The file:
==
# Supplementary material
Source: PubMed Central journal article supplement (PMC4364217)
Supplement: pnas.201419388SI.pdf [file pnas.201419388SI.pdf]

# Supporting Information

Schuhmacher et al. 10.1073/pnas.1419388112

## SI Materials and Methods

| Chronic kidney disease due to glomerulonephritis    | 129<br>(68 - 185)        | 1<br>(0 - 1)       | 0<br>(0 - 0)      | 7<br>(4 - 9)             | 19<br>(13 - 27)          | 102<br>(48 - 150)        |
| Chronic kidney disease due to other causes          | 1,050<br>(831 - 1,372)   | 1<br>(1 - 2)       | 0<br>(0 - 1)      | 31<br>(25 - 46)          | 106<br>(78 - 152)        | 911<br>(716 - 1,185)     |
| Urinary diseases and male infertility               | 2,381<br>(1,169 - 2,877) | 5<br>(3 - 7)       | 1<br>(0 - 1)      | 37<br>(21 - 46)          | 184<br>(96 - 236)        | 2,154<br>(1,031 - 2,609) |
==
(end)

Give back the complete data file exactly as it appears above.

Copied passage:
# Supplementary material
Source: PubMed Central journal article supplement (PMC4364217)
Supplement: pnas.201419388SI.pdf [file pnas.201419388SI.pdf]

# Supporting Information

Schuhmacher et al. 10.1073/pnas.1419388112

## SI Materials and Methods

| Chronic kidney disease due to glomerulonephritis    | 129<br>(68 - 185)        | 1<br>(0 - 1)       | 0<br>(0 - 0)      | 7<br>(4 - 9)             | 19<br>(13 - 27)          | 102<br>(48 - 150)        |
| Chronic kidney disease due to other causes          | 1,050<br>(831 - 1,372)   | 1<br>(1 - 2)       | 0<br>(0 - 1)      | 31<br>(25 - 46)          | 106<br>(78 - 152)        | 911<br>(716 - 1,185)     |
| Urinary diseases and male infertility               | 2,381<br>(1,169 - 2,877) | 5<br>(3 - 7)       | 1<br>(0 - 1)      | 37<br>(21 - 46)          | 184<br>(96 - 236)        | 2,154<br>(1,031 - 2,609) |